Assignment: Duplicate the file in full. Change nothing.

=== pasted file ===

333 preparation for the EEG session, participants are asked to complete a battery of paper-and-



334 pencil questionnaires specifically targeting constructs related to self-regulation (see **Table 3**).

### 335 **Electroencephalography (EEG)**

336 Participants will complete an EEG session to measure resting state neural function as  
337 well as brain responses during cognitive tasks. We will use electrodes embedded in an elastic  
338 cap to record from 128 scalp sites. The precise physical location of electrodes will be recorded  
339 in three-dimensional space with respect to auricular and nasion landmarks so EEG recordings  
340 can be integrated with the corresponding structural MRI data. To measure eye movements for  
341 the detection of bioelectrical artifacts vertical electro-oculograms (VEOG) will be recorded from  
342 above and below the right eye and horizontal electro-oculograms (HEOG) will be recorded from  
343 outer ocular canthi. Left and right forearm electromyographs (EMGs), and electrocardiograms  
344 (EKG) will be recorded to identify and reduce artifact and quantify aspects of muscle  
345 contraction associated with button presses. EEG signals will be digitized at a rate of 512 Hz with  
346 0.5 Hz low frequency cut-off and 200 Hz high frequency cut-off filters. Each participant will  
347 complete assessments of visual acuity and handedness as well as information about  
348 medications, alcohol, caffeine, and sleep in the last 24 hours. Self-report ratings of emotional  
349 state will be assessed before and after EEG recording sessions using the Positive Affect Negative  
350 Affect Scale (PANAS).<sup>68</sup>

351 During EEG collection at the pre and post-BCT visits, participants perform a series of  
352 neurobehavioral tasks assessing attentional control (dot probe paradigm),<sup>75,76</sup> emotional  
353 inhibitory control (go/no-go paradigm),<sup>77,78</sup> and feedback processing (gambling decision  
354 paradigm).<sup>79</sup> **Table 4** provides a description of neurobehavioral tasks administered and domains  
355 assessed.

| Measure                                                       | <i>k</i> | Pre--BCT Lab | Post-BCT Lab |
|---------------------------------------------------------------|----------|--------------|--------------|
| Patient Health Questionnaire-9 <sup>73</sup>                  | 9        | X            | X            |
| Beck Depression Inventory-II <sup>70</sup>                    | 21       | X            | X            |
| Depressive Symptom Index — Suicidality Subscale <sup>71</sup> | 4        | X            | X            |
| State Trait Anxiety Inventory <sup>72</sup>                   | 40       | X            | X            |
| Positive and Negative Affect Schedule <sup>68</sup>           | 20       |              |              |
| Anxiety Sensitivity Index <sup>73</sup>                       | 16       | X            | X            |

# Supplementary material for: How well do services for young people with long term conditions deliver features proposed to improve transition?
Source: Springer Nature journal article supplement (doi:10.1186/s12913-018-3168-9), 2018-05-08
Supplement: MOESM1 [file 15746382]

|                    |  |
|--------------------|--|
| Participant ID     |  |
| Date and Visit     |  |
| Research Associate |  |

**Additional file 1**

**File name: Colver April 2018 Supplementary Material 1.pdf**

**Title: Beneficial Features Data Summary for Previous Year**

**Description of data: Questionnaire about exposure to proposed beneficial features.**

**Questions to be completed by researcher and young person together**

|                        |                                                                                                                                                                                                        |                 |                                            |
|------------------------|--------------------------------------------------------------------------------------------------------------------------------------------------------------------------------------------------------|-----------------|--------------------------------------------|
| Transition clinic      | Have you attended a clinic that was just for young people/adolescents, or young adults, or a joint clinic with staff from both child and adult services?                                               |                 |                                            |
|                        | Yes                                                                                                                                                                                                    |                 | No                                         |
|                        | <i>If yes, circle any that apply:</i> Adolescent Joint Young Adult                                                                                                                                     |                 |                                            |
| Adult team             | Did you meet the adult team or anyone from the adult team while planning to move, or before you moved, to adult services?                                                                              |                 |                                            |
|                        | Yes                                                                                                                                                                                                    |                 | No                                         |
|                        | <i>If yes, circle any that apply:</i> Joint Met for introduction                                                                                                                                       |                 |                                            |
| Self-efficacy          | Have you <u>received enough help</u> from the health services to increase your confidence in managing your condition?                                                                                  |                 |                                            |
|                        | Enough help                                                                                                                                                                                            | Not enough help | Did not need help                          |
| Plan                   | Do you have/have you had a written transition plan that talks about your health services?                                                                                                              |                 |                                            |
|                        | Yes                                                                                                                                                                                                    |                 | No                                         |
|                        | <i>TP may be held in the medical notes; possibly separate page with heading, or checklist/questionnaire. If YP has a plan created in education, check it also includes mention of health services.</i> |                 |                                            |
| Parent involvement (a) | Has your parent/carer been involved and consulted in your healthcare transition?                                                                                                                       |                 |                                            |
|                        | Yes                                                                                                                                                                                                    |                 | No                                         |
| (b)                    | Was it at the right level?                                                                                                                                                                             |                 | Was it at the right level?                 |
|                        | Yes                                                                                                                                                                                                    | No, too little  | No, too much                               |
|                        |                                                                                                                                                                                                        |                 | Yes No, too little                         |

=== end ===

333 preparation for the EEG session, participants are asked to complete a battery of paper-and-



334 pencil questionnaires specifically targeting constructs related to self-regulation (see **Table 3**).

### 335 **Electroencephalography (EEG)**

336 Participants will complete an EEG session to measure resting state neural function as  
337 well as brain responses during cognitive tasks. We will use electrodes embedded in an elastic  
338 cap to record from 128 scalp sites. The precise physical location of electrodes will be recorded  
339 in three-dimensional space with respect to auricular and nasion landmarks so EEG recordings  
340 can be integrated with the corresponding structural MRI data. To measure eye movements for  
341 the detection of bioelectrical artifacts vertical electro-oculograms (VEOG) will be recorded from  
342 above and below the right eye and horizontal electro-oculograms (HEOG) will be recorded from  
343 outer ocular canthi. Left and right forearm electromyographs (EMGs), and electrocardiograms  
344 (EKG) will be recorded to identify and reduce artifact and quantify aspects of muscle  
345 contraction associated with button presses. EEG signals will be digitized at a rate of 512 Hz with  
346 0.5 Hz low frequency cut-off and 200 Hz high frequency cut-off filters. Each participant will  
347 complete assessments of visual acuity and handedness as well as information about  
348 medications, alcohol, caffeine, and sleep in the last 24 hours. Self-report ratings of emotional  
349 state will be assessed before and after EEG recording sessions using the Positive Affect Negative  
350 Affect Scale (PANAS).<sup>68</sup>

351 During EEG collection at the pre and post-BCT visits, participants perform a series of  
352 neurobehavioral tasks assessing attentional control (dot probe paradigm),<sup>75,76</sup> emotional  
353 inhibitory control (go/no-go paradigm),<sup>77,78</sup> and feedback processing (gambling decision  
354 paradigm).<sup>79</sup> **Table 4** provides a description of neurobehavioral tasks administered and domains  
355 assessed.

| Measure                                                       | <i>k</i> | Pre--BCT Lab | Post-BCT Lab |
|---------------------------------------------------------------|----------|--------------|--------------|
| Patient Health Questionnaire-9 <sup>73</sup>                  | 9        | X            | X            |
| Beck Depression Inventory-II <sup>70</sup>                    | 21       | X            | X            |
| Depressive Symptom Index — Suicidality Subscale <sup>71</sup> | 4        | X            | X            |
| State Trait Anxiety Inventory <sup>72</sup>                   | 40       | X            | X            |
| Positive and Negative Affect Schedule <sup>68</sup>           | 20       |              |              |
| Anxiety Sensitivity Index <sup>73</sup>                       | 16       | X            | X            |

# Supplementary material for: How well do services for young people with long term conditions deliver features proposed to improve transition?
Source: Springer Nature journal article supplement (doi:10.1186/s12913-018-3168-9), 2018-05-08
Supplement: MOESM1 [file 15746382]

|                    |  |
|--------------------|--|
| Participant ID     |  |
| Date and Visit     |  |
| Research Associate |  |

**Additional file 1**

**File name: Colver April 2018 Supplementary Material 1.pdf**

**Title: Beneficial Features Data Summary for Previous Year**

**Description of data: Questionnaire about exposure to proposed beneficial features.**

**Questions to be completed by researcher and young person together**

|                        |                                                                                                                                                                                                        |                 |                                            |
|------------------------|--------------------------------------------------------------------------------------------------------------------------------------------------------------------------------------------------------|-----------------|--------------------------------------------|
| Transition clinic      | Have you attended a clinic that was just for young people/adolescents, or young adults, or a joint clinic with staff from both child and adult services?                                               |                 |                                            |
|                        | Yes                                                                                                                                                                                                    |                 | No                                         |
|                        | <i>If yes, circle any that apply:</i> Adolescent Joint Young Adult                                                                                                                                     |                 |                                            |
| Adult team             | Did you meet the adult team or anyone from the adult team while planning to move, or before you moved, to adult services?                                                                              |                 |                                            |
|                        | Yes                                                                                                                                                                                                    |                 | No                                         |
|                        | <i>If yes, circle any that apply:</i> Joint Met for introduction                                                                                                                                       |                 |                                            |
| Self-efficacy          | Have you <u>received enough help</u> from the health services to increase your confidence in managing your condition?                                                                                  |                 |                                            |
|                        | Enough help                                                                                                                                                                                            | Not enough help | Did not need help                          |
| Plan                   | Do you have/have you had a written transition plan that talks about your health services?                                                                                                              |                 |                                            |
|                        | Yes                                                                                                                                                                                                    |                 | No                                         |
|                        | <i>TP may be held in the medical notes; possibly separate page with heading, or checklist/questionnaire. If YP has a plan created in education, check it also includes mention of health services.</i> |                 |                                            |
| Parent involvement (a) | Has your parent/carer been involved and consulted in your healthcare transition?                                                                                                                       |                 |                                            |
|                        | Yes                                                                                                                                                                                                    |                 | No                                         |
| (b)                    | Was it at the right level?                                                                                                                                                                             |                 | Was it at the right level?                 |
|                        | Yes                                                                                                                                                                                                    | No, too little  | No, too much                               |
|                        |                                                                                                                                                                                                        |                 | Yes No, too little                         |